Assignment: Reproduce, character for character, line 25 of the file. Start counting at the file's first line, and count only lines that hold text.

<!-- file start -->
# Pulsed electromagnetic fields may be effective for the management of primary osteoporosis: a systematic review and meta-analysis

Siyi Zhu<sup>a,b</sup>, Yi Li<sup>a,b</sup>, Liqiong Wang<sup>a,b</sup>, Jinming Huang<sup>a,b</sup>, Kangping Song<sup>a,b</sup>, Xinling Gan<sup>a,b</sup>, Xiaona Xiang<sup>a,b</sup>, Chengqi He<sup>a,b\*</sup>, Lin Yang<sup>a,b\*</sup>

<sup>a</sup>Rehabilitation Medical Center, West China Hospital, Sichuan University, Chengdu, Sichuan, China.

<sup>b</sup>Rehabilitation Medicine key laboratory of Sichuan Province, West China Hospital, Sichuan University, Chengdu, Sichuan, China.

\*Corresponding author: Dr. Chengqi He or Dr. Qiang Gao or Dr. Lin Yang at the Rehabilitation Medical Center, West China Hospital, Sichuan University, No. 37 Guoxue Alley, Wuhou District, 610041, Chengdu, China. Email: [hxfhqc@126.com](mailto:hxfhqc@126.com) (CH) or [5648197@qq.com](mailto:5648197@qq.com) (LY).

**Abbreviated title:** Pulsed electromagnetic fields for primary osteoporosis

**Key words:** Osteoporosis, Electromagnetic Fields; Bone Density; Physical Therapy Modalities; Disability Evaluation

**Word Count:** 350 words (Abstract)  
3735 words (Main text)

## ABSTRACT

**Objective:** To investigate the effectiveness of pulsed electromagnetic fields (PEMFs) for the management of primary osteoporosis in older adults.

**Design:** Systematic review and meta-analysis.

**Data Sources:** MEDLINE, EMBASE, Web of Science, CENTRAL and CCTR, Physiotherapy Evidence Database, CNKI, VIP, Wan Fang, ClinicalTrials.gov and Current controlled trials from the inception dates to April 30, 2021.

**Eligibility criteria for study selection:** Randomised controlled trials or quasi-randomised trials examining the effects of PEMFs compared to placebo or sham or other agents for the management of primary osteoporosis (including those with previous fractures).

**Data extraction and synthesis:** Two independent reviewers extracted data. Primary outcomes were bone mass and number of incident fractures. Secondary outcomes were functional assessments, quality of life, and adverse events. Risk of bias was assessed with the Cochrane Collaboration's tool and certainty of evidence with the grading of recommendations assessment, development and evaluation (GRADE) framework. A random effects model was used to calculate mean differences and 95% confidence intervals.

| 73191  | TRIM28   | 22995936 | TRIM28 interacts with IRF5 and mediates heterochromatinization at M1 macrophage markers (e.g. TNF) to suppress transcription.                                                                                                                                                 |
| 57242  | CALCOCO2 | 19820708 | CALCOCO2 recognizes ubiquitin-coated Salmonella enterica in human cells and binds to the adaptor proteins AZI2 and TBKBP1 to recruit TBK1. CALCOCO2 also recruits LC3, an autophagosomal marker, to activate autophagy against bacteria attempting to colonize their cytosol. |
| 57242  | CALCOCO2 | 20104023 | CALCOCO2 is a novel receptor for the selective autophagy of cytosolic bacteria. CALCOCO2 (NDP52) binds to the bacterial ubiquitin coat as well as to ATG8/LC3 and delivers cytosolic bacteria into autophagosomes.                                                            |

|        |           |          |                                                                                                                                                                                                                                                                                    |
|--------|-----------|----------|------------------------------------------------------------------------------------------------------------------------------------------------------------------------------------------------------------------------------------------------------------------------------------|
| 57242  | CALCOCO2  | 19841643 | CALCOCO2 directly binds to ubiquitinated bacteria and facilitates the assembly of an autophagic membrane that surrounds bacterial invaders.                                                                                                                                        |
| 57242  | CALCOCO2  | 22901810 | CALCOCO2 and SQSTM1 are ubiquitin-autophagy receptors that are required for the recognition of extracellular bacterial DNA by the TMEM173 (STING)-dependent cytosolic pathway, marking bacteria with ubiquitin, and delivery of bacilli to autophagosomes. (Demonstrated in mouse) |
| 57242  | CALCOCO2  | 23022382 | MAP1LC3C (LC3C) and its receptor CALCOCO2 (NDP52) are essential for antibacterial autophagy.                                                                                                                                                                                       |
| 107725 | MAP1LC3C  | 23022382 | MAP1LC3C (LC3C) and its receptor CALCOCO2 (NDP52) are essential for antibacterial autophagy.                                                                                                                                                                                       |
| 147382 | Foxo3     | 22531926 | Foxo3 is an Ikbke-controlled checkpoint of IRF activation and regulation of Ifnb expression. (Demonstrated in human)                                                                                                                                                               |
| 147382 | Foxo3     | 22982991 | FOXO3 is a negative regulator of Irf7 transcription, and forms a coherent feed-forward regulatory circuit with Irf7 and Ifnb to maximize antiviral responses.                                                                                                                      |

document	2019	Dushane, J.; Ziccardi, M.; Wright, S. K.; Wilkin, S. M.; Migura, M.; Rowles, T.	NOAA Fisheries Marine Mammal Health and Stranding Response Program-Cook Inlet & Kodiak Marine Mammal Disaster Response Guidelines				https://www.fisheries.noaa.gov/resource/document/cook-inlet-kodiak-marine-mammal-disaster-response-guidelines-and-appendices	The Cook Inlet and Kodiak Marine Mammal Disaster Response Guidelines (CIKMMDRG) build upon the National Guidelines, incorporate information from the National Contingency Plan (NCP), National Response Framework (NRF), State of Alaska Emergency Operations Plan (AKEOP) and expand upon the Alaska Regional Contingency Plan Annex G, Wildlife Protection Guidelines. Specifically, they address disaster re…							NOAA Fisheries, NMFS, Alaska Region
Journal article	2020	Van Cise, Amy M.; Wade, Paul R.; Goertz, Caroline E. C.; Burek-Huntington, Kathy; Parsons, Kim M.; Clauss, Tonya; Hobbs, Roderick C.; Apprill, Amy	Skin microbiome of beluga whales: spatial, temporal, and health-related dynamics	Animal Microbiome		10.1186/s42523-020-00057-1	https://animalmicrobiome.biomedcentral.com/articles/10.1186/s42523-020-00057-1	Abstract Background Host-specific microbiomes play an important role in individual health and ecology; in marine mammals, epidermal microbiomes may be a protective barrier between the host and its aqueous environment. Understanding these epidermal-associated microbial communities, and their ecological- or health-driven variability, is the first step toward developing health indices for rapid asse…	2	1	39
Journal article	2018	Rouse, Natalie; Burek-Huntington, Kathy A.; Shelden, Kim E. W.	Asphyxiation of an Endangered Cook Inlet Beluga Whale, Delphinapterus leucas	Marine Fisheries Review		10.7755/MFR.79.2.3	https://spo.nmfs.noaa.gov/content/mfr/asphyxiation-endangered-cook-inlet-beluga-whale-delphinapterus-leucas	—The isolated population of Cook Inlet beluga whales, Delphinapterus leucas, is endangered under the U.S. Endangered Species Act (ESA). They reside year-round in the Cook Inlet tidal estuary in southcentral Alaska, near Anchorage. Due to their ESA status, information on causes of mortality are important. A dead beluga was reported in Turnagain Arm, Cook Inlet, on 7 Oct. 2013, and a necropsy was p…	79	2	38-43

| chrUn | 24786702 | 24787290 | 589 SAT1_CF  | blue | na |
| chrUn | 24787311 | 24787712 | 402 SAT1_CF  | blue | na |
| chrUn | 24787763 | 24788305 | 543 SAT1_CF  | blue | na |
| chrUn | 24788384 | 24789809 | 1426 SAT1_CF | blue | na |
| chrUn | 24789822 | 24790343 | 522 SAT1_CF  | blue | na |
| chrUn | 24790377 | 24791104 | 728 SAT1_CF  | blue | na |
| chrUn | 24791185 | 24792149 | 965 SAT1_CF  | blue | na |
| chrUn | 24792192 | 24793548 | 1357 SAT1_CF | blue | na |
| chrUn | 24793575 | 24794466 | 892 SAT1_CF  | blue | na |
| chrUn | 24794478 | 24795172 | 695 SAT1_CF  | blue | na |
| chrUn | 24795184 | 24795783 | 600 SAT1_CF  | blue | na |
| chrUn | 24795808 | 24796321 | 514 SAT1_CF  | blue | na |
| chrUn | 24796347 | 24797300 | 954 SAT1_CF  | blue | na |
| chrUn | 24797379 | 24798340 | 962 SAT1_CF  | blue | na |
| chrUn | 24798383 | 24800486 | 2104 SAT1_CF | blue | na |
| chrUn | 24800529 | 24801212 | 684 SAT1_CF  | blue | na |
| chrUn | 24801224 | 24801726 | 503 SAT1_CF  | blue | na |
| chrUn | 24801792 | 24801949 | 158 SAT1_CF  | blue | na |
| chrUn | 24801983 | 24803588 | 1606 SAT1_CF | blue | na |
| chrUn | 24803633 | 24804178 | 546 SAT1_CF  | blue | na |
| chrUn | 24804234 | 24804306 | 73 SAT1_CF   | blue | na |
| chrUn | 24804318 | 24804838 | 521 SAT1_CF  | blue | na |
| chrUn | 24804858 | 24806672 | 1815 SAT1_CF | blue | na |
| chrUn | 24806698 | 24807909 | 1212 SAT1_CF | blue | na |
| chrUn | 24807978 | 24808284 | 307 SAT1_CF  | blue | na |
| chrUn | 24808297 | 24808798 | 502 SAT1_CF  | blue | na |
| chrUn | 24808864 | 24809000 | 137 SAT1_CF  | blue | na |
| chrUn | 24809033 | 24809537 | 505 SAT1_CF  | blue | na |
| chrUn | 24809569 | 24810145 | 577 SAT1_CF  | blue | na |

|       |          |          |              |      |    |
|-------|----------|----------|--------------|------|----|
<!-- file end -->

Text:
| 147382 | Foxo3     | 22531926 | Foxo3 is an Ikbke-controlled checkpoint of IRF activation and regulation of Ifnb expression. (Demonstrated in human)                                                                                                                                                               |